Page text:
Wealth And Stability In The Great Gatsby

Wealth, stability, and success. These three words best described the United States during the Roaring ‘20’s. To have those three things was every American’s goal, and it was what attracted foreigners to America. Wealth, stability, and success are also the major components of what is known as the “American Dream”. Throughout the novel, The Great Gatsby, by F. Scott Fitzgerald, the American Dream is a major theme. The belief surrounding the American Dream is that, with lots of hard work, wealth, success, and stability are all achievable.
To achieve the American Dream, however, sacrifices must be made – whether it is morals, values, or even family. The willingness to sacrifice such things can often lead to corruption. The character that best
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While at Camp Taylor, an army camp based in Louisville, Gatsby met Daisy, a woman from a very wealthy family, and fell in love with her. When Gatsby left for the war, however, he lost Daisy to Tom Buchanan, a very rich man. Daisy wanted stability, and chose Tom instead of waiting for Gatsby to return from the war.
After Gatsby returns from the war, he is penny-less and discovers that he lost Daisy. He also discovers that working hard may not be all it takes to achieve the American Dream as quickly as he wanted. Despite the fact that she is a married woman, Gatsby sets out to win Daisy back, and he believes he can do so by becoming rich. The pursuit of wealth eventually fully corrupts Gatsby, as he sacrifices his morals more and more in his attempt to achieve his goal.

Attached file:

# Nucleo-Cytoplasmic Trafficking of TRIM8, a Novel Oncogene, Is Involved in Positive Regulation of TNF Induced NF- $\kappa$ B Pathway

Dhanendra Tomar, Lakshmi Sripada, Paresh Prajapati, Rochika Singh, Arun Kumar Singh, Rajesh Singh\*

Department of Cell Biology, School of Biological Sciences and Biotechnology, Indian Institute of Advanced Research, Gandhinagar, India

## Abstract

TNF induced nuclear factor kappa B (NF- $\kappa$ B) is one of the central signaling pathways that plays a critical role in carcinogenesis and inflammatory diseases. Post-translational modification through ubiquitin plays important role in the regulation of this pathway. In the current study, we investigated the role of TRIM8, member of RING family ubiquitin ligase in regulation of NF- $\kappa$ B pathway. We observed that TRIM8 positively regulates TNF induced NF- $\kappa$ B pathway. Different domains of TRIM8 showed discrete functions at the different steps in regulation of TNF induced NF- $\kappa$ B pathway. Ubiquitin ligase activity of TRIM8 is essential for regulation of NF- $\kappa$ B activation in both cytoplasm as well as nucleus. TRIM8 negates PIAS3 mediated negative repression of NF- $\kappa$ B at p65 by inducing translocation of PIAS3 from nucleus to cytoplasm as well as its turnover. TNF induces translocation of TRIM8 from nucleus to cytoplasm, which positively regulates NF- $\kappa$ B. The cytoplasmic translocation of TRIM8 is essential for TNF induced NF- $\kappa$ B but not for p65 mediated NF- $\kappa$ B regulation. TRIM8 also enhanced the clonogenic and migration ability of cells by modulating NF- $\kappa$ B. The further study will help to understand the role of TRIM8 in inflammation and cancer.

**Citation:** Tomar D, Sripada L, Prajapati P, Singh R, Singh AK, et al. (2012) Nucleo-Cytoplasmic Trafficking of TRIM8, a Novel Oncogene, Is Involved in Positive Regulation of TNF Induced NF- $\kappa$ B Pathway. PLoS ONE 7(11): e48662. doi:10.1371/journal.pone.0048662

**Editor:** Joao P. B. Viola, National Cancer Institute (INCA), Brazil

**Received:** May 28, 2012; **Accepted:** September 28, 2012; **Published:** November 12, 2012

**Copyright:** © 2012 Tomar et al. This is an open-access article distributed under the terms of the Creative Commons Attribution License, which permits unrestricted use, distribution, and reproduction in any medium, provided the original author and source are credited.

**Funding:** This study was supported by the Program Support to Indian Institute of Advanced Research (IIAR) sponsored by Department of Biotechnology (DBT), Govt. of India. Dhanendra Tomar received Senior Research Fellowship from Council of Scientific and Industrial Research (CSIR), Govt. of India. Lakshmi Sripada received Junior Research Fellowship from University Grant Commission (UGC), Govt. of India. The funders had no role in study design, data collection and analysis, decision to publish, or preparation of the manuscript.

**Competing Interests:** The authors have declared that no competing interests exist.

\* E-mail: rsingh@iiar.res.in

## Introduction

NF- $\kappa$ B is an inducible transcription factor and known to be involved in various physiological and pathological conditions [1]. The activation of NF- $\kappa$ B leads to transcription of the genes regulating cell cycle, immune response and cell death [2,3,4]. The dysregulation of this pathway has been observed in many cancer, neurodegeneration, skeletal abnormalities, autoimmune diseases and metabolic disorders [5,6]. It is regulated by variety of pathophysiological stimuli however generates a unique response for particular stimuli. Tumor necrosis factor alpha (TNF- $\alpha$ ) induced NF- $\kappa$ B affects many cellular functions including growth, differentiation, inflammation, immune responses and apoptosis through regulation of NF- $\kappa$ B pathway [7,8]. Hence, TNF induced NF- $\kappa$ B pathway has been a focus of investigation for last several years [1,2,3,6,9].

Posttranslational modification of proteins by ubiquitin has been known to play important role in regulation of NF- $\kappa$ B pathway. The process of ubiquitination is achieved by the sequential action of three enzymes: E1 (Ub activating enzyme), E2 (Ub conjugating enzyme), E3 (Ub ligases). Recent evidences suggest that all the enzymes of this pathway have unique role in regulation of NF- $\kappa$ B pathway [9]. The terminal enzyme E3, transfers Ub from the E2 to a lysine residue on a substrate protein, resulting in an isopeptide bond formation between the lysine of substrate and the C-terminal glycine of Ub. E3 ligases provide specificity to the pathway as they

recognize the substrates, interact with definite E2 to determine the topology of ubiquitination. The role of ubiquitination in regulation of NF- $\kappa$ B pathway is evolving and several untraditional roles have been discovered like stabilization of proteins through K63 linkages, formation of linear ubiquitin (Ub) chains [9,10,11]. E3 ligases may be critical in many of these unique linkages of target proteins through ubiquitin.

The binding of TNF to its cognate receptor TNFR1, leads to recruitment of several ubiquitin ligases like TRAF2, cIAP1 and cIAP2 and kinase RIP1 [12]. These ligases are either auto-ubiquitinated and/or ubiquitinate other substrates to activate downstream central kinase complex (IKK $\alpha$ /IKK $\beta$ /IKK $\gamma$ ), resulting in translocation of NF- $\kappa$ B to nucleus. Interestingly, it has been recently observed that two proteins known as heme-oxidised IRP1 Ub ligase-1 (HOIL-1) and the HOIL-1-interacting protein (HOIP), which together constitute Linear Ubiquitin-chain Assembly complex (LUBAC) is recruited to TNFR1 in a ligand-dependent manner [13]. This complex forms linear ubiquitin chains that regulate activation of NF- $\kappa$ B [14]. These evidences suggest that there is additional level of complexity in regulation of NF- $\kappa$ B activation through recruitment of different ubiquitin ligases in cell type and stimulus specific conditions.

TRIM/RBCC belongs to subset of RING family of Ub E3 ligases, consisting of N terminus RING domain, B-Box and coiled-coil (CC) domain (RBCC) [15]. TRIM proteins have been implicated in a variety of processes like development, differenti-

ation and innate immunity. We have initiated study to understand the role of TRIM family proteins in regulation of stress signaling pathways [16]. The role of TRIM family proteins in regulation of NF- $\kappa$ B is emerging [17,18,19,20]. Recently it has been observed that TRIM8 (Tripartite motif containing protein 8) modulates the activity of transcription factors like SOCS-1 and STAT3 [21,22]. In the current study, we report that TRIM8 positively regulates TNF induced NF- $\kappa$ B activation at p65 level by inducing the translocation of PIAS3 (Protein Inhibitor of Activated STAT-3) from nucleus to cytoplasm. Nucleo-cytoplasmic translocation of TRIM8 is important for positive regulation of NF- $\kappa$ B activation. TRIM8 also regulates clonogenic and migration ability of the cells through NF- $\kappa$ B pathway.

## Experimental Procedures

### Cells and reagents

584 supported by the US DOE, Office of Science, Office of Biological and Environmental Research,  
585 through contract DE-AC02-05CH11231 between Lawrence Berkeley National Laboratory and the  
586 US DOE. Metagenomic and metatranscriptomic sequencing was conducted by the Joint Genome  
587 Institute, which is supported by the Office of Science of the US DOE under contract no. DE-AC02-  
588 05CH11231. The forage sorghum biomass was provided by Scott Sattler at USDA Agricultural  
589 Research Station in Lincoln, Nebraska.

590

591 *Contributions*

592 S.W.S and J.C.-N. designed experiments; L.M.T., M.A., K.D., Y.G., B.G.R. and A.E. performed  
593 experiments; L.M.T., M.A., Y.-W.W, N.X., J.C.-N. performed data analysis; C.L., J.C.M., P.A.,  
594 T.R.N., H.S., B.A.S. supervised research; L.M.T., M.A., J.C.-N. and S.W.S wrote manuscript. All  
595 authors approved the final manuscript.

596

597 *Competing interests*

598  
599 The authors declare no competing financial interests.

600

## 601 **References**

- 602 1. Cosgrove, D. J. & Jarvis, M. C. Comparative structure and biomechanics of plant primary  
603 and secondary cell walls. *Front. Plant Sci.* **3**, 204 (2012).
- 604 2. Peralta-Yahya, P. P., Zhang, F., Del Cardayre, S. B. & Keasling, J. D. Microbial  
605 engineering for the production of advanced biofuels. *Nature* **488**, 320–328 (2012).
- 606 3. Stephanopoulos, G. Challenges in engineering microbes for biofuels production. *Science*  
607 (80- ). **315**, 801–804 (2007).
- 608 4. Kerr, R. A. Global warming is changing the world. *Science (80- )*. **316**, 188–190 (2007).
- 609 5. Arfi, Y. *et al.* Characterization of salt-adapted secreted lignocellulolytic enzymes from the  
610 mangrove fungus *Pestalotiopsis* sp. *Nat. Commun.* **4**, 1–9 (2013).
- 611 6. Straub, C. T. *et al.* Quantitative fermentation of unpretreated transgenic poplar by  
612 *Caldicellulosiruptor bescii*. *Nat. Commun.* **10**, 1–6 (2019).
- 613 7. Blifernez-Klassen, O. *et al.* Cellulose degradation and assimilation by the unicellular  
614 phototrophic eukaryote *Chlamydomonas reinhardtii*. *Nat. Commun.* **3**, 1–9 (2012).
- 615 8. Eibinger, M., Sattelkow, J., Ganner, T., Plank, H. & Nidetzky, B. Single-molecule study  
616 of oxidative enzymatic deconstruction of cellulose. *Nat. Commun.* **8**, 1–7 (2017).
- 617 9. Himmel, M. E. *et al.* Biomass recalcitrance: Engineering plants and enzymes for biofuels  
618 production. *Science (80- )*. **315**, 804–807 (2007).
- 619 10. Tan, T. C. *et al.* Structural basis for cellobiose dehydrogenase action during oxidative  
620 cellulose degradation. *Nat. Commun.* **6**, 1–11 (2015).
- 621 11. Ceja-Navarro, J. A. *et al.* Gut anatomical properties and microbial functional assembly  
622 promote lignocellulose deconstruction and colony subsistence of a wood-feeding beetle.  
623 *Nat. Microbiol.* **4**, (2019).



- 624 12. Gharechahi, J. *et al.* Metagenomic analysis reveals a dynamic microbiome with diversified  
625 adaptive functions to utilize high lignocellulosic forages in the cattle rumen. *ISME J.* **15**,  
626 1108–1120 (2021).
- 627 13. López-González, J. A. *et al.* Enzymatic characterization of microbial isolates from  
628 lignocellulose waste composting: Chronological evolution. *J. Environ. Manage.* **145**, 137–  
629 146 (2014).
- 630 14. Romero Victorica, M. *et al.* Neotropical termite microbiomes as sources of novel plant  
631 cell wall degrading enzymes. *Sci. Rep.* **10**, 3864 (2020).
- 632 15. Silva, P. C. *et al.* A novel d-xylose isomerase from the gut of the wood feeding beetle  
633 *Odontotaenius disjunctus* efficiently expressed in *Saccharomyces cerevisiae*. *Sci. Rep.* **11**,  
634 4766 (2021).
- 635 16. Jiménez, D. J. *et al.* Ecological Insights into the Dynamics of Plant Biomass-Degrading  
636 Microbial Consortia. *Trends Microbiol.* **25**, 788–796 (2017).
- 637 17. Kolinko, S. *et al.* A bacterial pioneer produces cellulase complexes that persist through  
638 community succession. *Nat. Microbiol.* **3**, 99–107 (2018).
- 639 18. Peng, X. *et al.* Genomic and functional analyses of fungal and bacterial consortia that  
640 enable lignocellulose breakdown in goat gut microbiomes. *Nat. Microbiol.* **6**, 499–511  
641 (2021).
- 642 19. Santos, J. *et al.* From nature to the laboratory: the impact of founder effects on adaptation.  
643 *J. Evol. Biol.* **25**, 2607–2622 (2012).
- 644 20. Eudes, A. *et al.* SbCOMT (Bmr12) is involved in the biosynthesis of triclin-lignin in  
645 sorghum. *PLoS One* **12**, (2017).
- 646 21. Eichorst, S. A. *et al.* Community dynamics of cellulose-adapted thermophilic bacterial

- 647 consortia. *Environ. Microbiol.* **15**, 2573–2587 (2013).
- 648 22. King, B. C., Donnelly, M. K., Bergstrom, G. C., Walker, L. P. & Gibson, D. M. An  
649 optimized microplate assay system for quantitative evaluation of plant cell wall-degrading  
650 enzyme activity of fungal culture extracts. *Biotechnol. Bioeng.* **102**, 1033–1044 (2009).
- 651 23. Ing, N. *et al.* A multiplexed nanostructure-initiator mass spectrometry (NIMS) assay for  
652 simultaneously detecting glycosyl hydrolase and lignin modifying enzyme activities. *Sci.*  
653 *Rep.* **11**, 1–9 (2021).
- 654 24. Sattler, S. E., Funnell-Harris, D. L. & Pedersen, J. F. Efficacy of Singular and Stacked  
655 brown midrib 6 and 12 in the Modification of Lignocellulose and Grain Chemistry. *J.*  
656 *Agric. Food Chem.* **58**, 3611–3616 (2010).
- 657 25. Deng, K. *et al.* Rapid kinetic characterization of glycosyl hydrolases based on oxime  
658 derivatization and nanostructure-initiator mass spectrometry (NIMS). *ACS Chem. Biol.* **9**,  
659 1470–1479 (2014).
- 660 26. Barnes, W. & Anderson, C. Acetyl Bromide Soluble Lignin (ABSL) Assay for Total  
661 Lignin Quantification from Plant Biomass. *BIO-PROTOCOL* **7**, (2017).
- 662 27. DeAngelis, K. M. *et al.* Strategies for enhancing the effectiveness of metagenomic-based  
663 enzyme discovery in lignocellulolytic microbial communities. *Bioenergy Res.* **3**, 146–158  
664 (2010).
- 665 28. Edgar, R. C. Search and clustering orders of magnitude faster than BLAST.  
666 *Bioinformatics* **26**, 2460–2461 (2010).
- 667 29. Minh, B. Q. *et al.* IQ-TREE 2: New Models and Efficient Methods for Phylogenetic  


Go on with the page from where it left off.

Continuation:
Gatsby meets Meyer Wolfsheim, a shady businessman, who takes him in, believing he could be helpful: “I saw right away he was a fine-appearing young man, and when he told me he was an Oggsford I knew I could use him good.” (171). Wolfsheim offers Gatsby a job doing illegal work as a bootlegger under him, which Gatsby accepts, sacrificing his morals for wealth. Gatsby believed that Daisy married Tom for his money, and if he were to become rich working with Wolfsheim, Daisy would leave Tom and go return to
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Daisy comes from a wealthy family to begin with, but then meets Tom Buchanan, who came from one of America’s richest families, eventually marrying him for his wealth. Marrying Tom allowed Daisy to become even richer and more stable, further achieving the American Dream. With her pursuit of the American Dream accomplished, Daisy becomes corrupted and more materialistic, only knowing wealth and that it gives her power. A quote that best exemplifies how the American Dream has corrupted Daisy is when Gatsby and Nick are talking and Nick mentions Daisy’s voice being filled with something, to which Gatsby replies: “Her voice is full of money.” (120). Nick also refers to her as “the golden girl.” (120). These quotes symbolise Daisy’s materialism, as she only understands getting whatever she wants because of her vast wealth, showing the reader how her pursuit of the American Dream has corrupted her. Throughout The Great Gatsby, it is clear that the pursuit of the American Dream can corrupt those who succeed in achieving it. The American Dream first begins to corrupt Gatsby when he runs away from home to chase wealth and meets Dan Cody. He then becomes completely corrupted when he tries to become rich to win over Daisy, who he had already lost. Finally, Daisy is corrupted by her pursuit of the American Dream, when she marries Tom to become even richer then she previously was. The only question left unanswered

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